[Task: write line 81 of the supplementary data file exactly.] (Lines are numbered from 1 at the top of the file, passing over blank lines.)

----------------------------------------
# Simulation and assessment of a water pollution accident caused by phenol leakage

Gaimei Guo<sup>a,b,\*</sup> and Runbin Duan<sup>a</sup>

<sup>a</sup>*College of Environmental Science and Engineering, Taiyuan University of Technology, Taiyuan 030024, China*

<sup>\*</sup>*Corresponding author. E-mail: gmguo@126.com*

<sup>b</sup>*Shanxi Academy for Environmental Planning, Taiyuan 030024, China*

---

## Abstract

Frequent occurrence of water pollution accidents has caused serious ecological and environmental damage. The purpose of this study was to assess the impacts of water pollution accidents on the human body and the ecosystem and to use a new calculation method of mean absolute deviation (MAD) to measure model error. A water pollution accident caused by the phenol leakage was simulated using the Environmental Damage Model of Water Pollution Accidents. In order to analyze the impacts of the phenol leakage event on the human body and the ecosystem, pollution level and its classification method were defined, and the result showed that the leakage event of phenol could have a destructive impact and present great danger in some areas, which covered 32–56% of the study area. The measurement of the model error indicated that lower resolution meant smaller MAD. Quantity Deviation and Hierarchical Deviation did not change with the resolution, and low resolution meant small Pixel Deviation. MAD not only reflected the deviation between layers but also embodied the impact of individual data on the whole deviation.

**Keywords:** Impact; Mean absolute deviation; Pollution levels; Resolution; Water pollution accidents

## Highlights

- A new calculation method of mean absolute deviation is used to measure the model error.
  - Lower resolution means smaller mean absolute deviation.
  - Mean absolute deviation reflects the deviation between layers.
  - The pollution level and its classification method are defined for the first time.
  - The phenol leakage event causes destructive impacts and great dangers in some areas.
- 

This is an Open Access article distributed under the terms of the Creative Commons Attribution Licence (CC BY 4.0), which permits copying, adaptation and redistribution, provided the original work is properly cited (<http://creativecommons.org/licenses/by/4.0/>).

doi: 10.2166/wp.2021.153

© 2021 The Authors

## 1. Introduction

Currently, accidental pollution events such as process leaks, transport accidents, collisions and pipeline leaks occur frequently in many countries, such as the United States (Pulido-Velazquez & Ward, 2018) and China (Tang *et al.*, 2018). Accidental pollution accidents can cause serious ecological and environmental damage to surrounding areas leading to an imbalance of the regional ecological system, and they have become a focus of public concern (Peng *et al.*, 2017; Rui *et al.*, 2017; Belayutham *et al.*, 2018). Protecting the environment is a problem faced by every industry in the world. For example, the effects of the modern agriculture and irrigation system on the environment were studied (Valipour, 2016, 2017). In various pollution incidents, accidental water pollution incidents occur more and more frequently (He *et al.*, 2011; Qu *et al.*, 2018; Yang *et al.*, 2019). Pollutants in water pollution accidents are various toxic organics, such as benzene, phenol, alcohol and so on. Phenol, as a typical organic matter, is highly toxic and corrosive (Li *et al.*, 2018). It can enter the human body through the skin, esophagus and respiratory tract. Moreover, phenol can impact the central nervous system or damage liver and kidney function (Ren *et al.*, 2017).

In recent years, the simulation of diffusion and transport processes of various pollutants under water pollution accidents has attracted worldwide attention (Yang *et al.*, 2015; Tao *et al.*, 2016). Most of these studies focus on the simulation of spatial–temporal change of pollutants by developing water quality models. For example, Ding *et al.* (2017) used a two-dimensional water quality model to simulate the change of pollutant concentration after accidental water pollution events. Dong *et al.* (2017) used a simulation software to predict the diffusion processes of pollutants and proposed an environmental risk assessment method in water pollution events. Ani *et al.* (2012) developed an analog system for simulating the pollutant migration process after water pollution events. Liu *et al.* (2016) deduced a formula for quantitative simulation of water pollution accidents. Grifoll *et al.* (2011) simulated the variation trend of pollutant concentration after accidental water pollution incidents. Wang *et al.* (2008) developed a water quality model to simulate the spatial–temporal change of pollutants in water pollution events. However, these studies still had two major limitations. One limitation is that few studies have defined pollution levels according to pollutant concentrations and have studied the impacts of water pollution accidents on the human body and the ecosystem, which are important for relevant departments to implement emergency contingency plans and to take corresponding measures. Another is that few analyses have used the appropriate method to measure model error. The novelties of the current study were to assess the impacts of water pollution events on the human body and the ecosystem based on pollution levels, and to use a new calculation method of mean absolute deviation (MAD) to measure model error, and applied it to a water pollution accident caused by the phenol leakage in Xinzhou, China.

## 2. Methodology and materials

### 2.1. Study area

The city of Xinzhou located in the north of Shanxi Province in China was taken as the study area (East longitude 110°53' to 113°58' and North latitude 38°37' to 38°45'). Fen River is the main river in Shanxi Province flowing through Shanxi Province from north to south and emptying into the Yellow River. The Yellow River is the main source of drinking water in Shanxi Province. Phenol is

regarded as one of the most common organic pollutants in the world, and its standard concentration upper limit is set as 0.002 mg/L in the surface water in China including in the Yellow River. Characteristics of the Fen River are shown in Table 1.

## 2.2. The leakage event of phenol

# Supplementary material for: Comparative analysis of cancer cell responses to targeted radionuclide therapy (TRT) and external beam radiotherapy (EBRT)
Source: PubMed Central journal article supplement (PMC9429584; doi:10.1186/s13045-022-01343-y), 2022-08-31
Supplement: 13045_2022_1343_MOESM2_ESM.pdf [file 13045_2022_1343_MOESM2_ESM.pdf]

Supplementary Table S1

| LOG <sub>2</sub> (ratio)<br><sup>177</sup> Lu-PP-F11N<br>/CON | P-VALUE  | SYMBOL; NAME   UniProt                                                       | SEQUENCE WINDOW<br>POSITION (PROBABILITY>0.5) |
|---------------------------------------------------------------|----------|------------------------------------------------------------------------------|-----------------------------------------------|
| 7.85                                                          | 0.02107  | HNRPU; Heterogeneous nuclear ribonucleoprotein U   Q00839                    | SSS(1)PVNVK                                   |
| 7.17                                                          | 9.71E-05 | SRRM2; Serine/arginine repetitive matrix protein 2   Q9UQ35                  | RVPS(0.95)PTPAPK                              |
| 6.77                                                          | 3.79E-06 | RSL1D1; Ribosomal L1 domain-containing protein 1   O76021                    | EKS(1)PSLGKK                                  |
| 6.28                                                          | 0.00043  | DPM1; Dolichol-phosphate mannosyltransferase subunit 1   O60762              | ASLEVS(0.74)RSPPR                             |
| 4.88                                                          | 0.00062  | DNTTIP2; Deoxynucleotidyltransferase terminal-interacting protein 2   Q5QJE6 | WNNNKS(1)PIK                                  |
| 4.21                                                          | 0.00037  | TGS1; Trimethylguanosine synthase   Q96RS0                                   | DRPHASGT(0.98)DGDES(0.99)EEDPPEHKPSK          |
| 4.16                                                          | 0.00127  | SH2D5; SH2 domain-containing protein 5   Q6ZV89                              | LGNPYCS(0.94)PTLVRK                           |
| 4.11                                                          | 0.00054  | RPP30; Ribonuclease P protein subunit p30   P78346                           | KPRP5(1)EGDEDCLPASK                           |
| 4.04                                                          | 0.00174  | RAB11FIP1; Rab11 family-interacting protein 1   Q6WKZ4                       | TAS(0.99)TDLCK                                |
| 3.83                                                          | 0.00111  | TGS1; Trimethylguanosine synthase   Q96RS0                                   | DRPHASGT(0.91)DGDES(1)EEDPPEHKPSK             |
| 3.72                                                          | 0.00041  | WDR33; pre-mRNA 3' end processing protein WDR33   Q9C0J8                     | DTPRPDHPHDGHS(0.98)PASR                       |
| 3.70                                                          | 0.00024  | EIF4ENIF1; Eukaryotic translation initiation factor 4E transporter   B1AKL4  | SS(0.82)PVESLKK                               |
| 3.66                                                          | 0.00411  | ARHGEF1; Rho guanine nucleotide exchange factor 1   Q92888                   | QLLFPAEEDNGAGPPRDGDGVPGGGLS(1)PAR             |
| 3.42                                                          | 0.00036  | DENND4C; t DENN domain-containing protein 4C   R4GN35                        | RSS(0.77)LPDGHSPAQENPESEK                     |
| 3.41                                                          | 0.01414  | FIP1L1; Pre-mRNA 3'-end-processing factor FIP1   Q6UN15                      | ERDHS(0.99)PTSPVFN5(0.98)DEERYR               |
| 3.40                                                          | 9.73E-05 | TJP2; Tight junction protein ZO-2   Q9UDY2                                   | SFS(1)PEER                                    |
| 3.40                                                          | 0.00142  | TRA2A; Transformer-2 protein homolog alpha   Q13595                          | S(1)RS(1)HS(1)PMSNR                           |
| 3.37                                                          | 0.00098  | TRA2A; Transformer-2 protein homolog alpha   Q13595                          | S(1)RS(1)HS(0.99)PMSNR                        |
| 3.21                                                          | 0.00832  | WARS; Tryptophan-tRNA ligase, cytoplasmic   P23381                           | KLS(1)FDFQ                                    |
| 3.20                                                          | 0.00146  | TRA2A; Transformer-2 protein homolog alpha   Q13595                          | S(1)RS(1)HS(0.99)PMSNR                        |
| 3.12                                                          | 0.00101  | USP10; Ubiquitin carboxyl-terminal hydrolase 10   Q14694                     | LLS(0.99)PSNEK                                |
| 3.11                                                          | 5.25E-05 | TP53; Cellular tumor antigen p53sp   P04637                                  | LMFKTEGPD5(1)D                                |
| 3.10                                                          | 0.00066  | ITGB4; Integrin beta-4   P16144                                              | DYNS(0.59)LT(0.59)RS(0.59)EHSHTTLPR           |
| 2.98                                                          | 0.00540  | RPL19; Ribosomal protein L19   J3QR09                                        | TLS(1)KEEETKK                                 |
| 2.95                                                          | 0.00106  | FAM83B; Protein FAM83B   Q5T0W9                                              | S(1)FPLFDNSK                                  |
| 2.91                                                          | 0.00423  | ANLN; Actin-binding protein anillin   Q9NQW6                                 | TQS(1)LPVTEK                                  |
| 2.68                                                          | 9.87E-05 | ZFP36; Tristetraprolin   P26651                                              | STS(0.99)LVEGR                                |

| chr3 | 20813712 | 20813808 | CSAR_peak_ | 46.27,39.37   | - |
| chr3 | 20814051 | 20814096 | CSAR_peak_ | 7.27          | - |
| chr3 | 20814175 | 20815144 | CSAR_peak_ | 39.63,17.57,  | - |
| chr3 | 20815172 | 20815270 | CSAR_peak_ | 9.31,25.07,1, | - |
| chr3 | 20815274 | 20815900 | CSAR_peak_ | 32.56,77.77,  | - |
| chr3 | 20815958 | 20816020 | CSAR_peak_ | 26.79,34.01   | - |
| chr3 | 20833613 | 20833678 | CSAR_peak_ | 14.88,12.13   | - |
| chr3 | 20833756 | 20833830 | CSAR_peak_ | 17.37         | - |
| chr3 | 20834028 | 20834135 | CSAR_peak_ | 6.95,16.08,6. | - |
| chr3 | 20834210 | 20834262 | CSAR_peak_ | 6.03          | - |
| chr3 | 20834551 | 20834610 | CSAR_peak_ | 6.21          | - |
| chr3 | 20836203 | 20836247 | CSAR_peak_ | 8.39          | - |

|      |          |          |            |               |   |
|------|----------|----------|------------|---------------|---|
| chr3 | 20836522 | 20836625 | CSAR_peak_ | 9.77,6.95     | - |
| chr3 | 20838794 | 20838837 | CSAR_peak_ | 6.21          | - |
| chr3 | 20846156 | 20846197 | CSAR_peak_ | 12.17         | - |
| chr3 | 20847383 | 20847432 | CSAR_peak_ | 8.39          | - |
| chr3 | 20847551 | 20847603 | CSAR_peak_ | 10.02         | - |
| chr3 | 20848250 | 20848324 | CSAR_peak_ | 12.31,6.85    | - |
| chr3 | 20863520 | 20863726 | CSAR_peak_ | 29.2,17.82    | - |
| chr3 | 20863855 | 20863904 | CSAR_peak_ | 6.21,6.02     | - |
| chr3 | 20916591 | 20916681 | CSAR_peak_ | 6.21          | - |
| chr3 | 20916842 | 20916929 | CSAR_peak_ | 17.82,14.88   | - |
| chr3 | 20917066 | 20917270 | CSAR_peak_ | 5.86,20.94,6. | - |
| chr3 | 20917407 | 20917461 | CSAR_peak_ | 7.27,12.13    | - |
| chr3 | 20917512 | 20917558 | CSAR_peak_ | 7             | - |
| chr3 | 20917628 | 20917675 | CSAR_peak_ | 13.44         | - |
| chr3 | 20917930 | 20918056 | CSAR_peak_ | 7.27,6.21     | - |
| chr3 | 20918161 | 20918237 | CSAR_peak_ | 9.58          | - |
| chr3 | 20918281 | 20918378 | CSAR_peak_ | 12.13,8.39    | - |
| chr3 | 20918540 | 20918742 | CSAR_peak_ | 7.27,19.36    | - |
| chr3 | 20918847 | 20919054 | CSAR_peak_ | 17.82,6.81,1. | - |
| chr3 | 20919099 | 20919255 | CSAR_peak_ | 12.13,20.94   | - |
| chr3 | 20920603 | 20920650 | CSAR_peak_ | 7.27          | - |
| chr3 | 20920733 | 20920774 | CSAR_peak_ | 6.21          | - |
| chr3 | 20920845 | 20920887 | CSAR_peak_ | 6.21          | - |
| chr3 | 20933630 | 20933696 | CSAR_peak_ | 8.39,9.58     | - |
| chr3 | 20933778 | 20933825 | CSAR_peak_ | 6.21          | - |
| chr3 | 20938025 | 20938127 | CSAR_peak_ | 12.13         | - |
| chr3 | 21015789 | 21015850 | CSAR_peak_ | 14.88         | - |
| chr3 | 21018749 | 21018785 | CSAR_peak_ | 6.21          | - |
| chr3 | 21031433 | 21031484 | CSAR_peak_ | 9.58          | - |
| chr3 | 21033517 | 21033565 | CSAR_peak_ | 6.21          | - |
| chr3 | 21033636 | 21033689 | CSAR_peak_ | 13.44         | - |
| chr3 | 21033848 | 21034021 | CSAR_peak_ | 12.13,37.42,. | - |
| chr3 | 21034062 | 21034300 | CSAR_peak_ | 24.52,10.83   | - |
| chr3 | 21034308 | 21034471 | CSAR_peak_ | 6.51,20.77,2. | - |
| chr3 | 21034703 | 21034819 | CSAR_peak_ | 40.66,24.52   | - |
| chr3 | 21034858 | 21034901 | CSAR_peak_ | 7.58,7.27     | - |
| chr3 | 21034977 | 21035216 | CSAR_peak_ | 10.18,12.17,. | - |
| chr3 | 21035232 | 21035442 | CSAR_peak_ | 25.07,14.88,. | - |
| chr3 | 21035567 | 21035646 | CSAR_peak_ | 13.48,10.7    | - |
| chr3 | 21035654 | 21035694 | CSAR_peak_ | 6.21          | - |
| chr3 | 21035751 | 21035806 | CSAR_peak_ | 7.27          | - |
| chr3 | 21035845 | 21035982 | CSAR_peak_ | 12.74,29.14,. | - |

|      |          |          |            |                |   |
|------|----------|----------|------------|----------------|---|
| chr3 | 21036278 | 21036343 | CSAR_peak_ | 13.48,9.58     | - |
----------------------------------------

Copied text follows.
| chr3 | 20863520 | 20863726 | CSAR_peak_ | 29.2,17.82    | - |